Saidou Mano is the homeless man of Recasement. I’ve seen him for years walking around our neighborhood with his green plastic bowl on his head, from which he begs. I’ve never felt comfortable asking him to take his photo until this year. But after running into him several times, I asked, and he thanked me profusely. He felt so proud. I sat down with him with the hope of chatting with him. Unfortunately, we did not understand one another, and so I still do not know his story.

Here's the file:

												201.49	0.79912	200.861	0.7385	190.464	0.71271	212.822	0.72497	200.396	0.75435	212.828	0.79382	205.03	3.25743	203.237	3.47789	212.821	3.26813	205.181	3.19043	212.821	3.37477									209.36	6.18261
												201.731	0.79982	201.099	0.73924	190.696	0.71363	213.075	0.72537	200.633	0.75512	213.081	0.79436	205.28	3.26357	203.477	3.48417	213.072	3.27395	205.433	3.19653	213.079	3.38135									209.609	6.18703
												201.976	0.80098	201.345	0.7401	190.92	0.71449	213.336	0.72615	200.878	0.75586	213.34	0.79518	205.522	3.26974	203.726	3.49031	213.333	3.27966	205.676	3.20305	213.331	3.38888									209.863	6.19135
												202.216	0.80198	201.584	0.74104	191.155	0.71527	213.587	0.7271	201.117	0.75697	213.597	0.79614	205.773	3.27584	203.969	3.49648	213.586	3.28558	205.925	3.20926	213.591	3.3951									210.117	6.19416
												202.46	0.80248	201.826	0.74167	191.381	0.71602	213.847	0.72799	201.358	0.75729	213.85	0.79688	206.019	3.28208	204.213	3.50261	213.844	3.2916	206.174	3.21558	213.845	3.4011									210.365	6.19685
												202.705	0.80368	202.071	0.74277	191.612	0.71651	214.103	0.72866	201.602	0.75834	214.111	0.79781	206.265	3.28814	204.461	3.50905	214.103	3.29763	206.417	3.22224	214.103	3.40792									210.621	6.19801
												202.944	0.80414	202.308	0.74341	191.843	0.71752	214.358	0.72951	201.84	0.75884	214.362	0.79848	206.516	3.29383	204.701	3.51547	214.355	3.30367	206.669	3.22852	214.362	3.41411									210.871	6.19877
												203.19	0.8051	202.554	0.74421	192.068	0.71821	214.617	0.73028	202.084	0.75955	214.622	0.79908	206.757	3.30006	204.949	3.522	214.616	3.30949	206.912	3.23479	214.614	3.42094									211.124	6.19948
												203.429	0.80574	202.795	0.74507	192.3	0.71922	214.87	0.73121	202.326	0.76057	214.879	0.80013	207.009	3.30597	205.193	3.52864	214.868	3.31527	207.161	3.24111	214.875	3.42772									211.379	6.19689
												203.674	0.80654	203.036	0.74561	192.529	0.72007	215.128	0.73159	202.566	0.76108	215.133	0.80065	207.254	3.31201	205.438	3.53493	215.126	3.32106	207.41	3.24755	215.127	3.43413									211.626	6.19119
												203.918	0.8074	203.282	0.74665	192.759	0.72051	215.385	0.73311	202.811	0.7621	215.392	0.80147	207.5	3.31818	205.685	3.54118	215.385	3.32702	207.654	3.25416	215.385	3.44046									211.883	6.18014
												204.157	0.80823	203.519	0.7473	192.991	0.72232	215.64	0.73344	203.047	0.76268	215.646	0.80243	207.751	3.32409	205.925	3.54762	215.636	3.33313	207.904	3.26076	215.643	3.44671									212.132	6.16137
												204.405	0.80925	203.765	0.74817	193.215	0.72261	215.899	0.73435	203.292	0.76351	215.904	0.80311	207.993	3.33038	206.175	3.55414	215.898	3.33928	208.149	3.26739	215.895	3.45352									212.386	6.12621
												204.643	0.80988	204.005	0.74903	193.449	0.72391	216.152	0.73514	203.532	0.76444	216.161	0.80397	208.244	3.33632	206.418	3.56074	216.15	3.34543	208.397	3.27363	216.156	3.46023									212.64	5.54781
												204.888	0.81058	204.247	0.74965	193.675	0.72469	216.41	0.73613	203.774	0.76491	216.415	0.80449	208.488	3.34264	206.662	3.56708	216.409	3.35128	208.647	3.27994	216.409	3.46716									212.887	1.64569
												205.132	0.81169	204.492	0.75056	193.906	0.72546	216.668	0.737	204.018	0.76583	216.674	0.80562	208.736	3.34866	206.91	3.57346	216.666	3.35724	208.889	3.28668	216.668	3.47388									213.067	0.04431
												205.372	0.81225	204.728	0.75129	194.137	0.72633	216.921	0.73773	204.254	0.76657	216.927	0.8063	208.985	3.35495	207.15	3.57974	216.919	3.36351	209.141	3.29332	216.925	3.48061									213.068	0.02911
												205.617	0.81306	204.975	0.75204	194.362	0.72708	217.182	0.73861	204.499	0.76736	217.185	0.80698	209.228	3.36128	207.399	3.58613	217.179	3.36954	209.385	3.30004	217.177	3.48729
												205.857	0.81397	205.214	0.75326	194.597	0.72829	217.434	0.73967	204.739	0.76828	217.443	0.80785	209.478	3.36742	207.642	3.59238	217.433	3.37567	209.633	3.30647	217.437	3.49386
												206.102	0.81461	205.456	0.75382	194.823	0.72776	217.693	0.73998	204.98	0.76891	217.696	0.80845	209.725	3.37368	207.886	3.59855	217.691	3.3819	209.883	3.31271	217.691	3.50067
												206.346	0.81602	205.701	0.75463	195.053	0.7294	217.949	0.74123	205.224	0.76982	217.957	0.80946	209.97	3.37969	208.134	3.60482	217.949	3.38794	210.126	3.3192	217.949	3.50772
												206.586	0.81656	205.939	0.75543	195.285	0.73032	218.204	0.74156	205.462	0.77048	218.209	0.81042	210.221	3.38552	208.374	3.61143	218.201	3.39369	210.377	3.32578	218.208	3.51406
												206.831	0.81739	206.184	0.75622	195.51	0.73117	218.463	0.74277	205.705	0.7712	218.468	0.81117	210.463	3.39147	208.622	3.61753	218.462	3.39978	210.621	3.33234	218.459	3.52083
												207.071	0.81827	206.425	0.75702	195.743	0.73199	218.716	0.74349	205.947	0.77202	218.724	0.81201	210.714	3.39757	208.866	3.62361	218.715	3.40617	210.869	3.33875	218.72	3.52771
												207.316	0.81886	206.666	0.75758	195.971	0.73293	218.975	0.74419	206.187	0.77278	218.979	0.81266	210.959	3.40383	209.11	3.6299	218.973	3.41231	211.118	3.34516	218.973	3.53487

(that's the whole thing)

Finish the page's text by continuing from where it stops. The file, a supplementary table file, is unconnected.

I’ve pondered about what has brought him to homelessness, in a country where, no matter how poor you are, you have a family that will care for you and feed you. He seems unlike most of “Niamey’s brown men”, as I call them. The homeless in Niamey are commonly completely brown… that’s how I recognize them as homeless. Their clothes are brown, their skin is brown, and their hair is brown. Brown, because they are covered from head to toe with soiled sand; they blend right in with the brown streets and weathered concession walls. Most homeless are foreigners, often refugees or migrants from distant African countries, and have somehow found their way to Niamey… like the man I met years ago while driving from Niamey to Agadez. He was walking along a long stretch of empty savannah. He waved at me to stop, and so I did. He asked for water and food, and I gave him a little. I offered him a ride – he looked terribly exhausted and malnourished — but he declined. He was heading in the opposite direction, to Niamey. His plan was to rest there a while before walking many months more until he reached Paris, France. The journey did not frighten him; he had already traversed wide expanses of three countries, having left Cameroon months ago. He was homeless but not unhappy. He had a plan. I hope to one day find out a bit of Saidou Mano’s story.